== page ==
Hope, Hearts & Heroes Blog

A True Tale Part 2

Photo by Stefano Pollio on Unsplash.jpg

General exclamations of shock whispered through the car when a pale light appeared in the far-left second story window. The orb-like luminescence filled the dark opening as if something alive was standing there. A few seconds later it was gone.

“Did you see that? Did that really happen?” I asked, my voice soft with shock.

Continue reading “A True Tale Part 2”


As one may have noticed who has read any of my stories, they often (possibly always) involve something of darkness in them. This is indeed part of my life’s focus, near to heart, and part of the fundamental aim of OOM.

It recently occurred to me that dark things can fall into three categories:

Continue reading “Darkness…”

I feel like someone needs to hear this today

Whether you are a writer or a reader, I feel you need to hear this message today:

No matter the bumps
No matter the bruises
No matter the scars
Still the truth is
The cross has made
The cross has made you flawless
No matter the hurt
Or how deep the wound is
No matter the pain
Still the truth is
The cross has made
The cross has made you flawless

How Does One Write Well – Part 2

Photo by hannah grace on Unsplash

In the first part of this article, previously posted here, I mostly addressed why a Christian writer should write well, though I also touched on some ways we can do that. In this article, I will address more ways in which we actually can write well.

In the first article, I mentioned learning. What do we need to learn? Every writer should have a fairly good knowledge of the basics of writing: spelling, grammar, punctuation, sentence structure, and how to know when to begin and end a paragraph. Every writer should also know how to properly write dialogue. These are the mechanics of writing, and if you find any of these items difficult, you can still be a good writer. How? You will need to hire an editor. I will address editors more in depth later in this article.

What do writers need to know, in addition to the technical or mechanical aspects of writing? Writers need to know how to tell a story: how to choose the best words to write descriptions, action, dialogue, conflict; how to create deep characters that readers can relate to and how to give these characters strengths and weaknesses, as well as showing character growth in the main characters from the beginning of the story to the end of the story; and above all, how to weave the story together in a way that will grip the reader’s attention from the very first sentence until the very last sentence of the novel.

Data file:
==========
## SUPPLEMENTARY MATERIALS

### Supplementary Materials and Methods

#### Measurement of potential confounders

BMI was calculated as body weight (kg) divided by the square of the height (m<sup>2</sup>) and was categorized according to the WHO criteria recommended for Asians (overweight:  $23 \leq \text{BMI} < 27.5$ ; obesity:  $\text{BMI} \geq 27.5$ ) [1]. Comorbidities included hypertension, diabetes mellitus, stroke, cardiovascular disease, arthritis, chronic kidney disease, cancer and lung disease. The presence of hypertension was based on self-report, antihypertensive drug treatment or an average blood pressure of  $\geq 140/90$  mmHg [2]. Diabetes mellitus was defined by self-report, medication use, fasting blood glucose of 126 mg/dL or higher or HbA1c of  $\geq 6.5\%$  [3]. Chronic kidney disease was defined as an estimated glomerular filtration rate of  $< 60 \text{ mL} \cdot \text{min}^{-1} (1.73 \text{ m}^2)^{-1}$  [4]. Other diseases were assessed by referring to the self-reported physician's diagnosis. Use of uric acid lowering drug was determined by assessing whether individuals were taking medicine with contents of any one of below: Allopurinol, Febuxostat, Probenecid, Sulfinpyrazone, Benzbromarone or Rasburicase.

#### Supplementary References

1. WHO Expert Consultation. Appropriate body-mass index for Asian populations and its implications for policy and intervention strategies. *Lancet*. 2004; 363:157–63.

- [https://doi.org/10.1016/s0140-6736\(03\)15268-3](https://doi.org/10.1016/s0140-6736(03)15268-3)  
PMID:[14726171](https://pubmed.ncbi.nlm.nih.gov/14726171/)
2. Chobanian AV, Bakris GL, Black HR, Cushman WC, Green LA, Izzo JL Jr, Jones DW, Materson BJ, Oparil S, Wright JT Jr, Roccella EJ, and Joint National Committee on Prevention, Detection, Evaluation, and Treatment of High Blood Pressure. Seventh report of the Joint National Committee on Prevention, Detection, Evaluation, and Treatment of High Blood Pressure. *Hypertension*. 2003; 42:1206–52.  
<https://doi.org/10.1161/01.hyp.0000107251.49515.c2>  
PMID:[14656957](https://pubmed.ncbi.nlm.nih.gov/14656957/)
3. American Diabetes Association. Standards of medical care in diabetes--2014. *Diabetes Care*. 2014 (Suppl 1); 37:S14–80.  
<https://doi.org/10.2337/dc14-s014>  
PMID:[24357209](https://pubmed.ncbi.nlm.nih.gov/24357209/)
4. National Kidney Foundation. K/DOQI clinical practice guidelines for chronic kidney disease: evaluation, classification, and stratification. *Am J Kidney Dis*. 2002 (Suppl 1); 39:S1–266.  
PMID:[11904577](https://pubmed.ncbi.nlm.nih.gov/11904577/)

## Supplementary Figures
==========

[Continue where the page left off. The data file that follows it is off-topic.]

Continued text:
That all sounds like a tall order, and it is. If you are a writer, you, most likely, are also a reader, or, at least, you should be. Reading books is one way to learn how to write a good book. Reading books should also show you what not to do as a writer. I’m sure all readers have read at least one poorly written book in their reading time: a book that had lots of grammatical errors or had parts where the reader became bored or confused, or the book rushed the ending leaving the reader feeling as though some important information or action was missing, or names of characters or places were written differently in sections of the book—either changing the names or the spelling of the names, or a change in the description of a main character. Maybe the ending left the reader hanging and there is no sequel; the book is supposed to be a stand-alone.

There are many things that can pull a reader out of the story or disappoint a reader.

As a writer, do you know that you make a promise to your reader with every book you write, no matter what genre you write?

Continue reading “How Does One Write Well – Part 2”

Monkey Business

Writers love using pets in their novels. Not only is it great for character development, but it adds an extra element of emotion and makes the story more enjoyable. Even some book or movie villains are dog or cat lovers, though they tend to prefer cats, perhaps because cats are not as heroic as dogs, and not as easily manipulated. Like the crazy cat lady in the Harry Potter Books, and Cruella De Vil in the original novel The Hundred and One Dalmatians. After all, isn’t the main purpose of fictional pets to show a softer side of the characters?

I don’t know what inspired me to use a pet monkey in Misty Dreams. While romance writers typically write dogs or cats into their stories, I went with a primate. A bit unconventional, perhaps, but once the idea set in, it wouldn’t budge. I’ve always had a fascination with monkeys in general. I just think they’re cute and smart and funny. I don’t have anything against dogs or cats, don’t get me wrong. I just thought it would add a unique touch to the story. To make a tropical island the story’s present-day setting was an afterthought, and completely unrelated to my choice of fictional pet.

Me as a teenager at a Christmas ice skating show
Continue reading “Monkey Business”
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